Annette Laming-Empiraire (1917-1977) was a badass archaeologist. She studied philosophy in Paris, before WWII broke out. During the German occupation of Paris she became a teacher, which was fulfilling and also was perfect cover for her help in the French Resistance. Yes. Annette was in the French Resistance. Yes, she was a badass. She was the female Indiana Jones. She really did fight against the Nazis. She didn’t, however, loot ancient artefacts.

Soon after the war, she found her calling in archaeology. Annette began her PhD studying ‘the significance of paleolithic art’ at the incredible cave site Lascaux, which preserves beautiful cave art 20,000 years old. She would lay down the foundations for the study of cave art around the world.

Perhaps nothing links us more emotionally to the past than cave art. Seeing that colourful painting of a woolly mammoth, or energetic pride of cave lions, transports us instantly back to a time when these creatures lived and breathed. Back to a time when a human painted this animal onto a wall in a cave. Back to a time when a human saw these animals alive. Because of this emotional link with cave art, it is difficult not to think of why they painted in the caves. Dozens of explanations have been flung about; planning a hunt, respecting the animals, getting the spirit of the animal, and more. This is why Annette’s research was groundbreaking. For the first time, Annette looked at cave paintings not as finding reasons why but looking at how they were displayed in the caves, looking at gender of species, number of species, orientation, symbols and locations. This meticulous, detailed look at cave paintings is a method used by archaeologists today, providing a greater understanding of caves and their paintings.

Annette travelled to Brazil with her husband, Joseph, after her thesis was complete, and published her classic book, Lauscaux: paintings and engravings. Unfortunately, South America was cursed for this French couple. While excavating one site, her husband died after a wall collapsed on him. A few years later, Annette was on holiday in Brazil, where she was electrocuted in the shower.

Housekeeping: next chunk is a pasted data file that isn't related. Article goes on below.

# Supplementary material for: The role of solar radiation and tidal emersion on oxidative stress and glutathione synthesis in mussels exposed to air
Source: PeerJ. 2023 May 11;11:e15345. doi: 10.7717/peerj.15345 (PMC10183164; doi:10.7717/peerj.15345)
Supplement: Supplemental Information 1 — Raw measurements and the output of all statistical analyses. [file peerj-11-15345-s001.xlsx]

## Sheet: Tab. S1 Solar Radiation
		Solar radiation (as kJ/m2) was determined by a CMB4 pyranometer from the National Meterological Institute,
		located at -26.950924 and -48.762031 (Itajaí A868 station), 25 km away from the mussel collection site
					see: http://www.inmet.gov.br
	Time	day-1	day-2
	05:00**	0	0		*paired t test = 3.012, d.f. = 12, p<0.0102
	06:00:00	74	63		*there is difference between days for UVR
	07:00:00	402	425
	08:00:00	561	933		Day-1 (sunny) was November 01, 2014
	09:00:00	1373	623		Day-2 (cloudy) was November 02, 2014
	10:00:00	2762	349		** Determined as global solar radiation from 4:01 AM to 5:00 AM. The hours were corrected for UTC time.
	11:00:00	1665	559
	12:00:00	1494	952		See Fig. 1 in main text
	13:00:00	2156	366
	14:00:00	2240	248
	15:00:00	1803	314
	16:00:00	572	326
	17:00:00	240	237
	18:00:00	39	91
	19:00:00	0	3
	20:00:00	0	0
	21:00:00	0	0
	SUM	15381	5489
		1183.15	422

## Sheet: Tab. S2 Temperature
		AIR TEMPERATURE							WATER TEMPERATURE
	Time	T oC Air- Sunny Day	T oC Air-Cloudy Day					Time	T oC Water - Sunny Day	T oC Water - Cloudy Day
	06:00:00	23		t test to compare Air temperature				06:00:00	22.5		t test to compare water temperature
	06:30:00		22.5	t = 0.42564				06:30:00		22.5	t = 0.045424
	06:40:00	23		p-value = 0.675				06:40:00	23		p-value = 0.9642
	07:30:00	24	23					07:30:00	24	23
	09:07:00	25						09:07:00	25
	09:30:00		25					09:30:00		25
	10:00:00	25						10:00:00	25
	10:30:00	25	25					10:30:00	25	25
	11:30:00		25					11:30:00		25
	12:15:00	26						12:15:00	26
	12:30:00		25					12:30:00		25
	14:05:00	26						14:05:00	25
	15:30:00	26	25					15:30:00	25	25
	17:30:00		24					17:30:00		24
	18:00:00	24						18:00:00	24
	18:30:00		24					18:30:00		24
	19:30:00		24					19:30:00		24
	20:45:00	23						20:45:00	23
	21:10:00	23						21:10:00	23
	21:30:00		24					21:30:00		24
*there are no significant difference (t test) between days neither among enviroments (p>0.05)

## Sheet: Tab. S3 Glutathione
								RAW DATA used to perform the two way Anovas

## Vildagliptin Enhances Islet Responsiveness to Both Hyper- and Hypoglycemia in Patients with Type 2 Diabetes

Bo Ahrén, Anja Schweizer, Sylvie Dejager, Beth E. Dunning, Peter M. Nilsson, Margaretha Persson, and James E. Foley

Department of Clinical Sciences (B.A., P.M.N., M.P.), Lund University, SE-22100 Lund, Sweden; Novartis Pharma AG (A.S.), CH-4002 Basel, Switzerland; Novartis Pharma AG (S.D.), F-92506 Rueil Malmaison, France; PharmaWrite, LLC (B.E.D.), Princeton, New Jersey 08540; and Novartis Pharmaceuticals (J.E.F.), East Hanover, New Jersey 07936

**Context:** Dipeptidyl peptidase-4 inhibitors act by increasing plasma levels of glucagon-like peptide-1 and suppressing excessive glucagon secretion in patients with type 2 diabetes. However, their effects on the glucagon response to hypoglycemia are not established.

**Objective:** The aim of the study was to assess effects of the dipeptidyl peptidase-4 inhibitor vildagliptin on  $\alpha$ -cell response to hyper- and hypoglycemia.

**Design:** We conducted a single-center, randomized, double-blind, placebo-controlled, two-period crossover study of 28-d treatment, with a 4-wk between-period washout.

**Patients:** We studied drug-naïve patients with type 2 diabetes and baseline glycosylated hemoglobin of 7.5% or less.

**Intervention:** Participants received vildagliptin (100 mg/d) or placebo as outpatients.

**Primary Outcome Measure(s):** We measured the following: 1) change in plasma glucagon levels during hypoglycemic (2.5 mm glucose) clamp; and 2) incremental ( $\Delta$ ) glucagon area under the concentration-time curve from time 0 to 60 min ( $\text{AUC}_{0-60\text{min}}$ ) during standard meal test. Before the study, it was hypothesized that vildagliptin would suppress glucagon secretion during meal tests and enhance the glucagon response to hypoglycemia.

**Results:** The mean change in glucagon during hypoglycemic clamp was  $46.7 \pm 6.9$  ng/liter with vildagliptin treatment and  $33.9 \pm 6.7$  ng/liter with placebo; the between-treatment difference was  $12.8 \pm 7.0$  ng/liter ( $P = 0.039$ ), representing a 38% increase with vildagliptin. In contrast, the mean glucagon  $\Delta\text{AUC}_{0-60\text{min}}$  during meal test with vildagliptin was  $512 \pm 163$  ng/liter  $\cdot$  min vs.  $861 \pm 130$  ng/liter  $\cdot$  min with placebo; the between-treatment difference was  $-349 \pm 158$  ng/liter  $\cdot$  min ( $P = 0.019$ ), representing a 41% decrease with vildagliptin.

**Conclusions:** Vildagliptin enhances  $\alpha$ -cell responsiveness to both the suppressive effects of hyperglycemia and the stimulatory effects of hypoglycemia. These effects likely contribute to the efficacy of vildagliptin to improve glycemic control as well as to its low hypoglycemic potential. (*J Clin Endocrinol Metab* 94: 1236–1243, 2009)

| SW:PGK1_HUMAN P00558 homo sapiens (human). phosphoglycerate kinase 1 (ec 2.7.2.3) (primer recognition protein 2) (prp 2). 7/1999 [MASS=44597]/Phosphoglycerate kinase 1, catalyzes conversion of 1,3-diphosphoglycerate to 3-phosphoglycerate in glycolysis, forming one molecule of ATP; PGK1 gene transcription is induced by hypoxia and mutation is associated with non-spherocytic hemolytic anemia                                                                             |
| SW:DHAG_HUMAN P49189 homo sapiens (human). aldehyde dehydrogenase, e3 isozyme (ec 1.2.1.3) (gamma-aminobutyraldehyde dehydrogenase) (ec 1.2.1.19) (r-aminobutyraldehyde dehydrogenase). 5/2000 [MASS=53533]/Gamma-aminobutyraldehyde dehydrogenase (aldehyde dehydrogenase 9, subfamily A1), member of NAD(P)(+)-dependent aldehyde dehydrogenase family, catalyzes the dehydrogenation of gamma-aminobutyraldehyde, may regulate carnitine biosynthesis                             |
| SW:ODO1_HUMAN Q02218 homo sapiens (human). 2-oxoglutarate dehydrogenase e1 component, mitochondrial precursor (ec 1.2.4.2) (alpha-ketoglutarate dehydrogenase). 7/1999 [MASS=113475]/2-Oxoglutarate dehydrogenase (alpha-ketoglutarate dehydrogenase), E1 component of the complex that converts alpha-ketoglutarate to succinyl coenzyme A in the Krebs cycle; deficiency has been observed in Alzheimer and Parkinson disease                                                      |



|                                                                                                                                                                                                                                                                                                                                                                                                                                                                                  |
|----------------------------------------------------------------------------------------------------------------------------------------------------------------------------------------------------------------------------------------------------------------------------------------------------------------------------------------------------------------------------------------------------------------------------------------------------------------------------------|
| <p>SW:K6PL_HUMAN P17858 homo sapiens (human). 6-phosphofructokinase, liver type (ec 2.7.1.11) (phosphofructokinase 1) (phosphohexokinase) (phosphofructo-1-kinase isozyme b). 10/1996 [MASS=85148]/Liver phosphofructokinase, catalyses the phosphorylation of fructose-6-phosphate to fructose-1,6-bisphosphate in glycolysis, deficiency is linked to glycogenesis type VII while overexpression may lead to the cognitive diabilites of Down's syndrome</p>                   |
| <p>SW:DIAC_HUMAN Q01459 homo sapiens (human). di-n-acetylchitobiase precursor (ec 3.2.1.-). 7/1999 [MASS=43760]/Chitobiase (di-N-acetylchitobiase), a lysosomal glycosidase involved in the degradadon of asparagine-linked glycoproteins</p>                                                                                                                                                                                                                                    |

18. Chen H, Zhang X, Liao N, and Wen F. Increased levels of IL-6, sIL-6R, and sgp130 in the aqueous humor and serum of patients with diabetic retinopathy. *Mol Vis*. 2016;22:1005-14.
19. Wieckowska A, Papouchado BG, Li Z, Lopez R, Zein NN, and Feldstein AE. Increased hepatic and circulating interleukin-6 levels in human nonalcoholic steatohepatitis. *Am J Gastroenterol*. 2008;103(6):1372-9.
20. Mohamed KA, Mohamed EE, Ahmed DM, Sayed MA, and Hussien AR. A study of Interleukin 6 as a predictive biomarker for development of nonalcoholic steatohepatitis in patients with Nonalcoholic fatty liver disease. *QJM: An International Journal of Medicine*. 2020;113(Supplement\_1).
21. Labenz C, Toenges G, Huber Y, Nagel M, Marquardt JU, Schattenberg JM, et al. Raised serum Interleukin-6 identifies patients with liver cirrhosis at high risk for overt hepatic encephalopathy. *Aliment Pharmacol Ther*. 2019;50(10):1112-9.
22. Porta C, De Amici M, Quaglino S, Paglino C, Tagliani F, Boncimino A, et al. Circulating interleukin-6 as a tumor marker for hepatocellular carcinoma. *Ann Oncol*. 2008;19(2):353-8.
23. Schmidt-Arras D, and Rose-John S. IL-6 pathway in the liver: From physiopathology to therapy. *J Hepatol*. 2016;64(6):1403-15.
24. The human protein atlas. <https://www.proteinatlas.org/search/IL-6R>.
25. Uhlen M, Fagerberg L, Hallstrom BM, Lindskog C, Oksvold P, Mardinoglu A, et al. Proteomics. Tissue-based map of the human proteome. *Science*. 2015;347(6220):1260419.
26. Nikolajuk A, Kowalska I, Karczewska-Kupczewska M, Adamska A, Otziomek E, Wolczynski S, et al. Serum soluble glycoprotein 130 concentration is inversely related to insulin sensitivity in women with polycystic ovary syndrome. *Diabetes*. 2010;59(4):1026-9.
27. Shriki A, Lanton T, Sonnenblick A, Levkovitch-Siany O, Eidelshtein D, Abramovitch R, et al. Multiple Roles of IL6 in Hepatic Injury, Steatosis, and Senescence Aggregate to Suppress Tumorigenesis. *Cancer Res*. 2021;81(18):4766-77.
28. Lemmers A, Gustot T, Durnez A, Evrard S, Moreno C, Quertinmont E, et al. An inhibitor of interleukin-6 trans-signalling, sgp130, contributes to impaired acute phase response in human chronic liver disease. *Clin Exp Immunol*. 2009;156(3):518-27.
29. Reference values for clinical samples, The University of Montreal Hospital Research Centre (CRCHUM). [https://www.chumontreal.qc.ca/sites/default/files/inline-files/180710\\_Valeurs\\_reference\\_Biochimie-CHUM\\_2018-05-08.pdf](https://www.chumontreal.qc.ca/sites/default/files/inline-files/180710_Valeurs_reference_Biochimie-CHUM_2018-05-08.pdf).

But Annette’s legacy in South America remains.

A few years before she passed away, while working at the cave site of Lagoa Santa in Brazil, she discovered one of the oldest human skeletons of America. Nicknamed ‘Luzia’, she dates to around 11,500 years BP and has played an important role in research into the earliest Americans, and the migration of our species.

Annette Laming-Empiraire left her mark on archaeology in a way that many dream of and only a few achieve. She changed how we looked at cave art and discovered one of the earliest humans in the Americas. Annette was determined, meticulous, and focused. She was described by her colleague Danièle Lavallée as one of the ‘richest of spirits’ of French Archaeology. And that rich spirit lives on today.

Post by Jan Freedman

Image used with permission of Professor Marcus Beber,  Universidade do Vale do Rio Dos Sinos, from Arquivo Pe. Schmitz. The photo is of the excavation at Iiha do Rosas in 1966.

References: 

Laming, A. 1959. Lascaux: Paintings and Engravings. Pelican.

Lavallée, D. 1978. “Annette Laming-Emperaire.” Journal de la société des Américanistes 65. pp.224-226.

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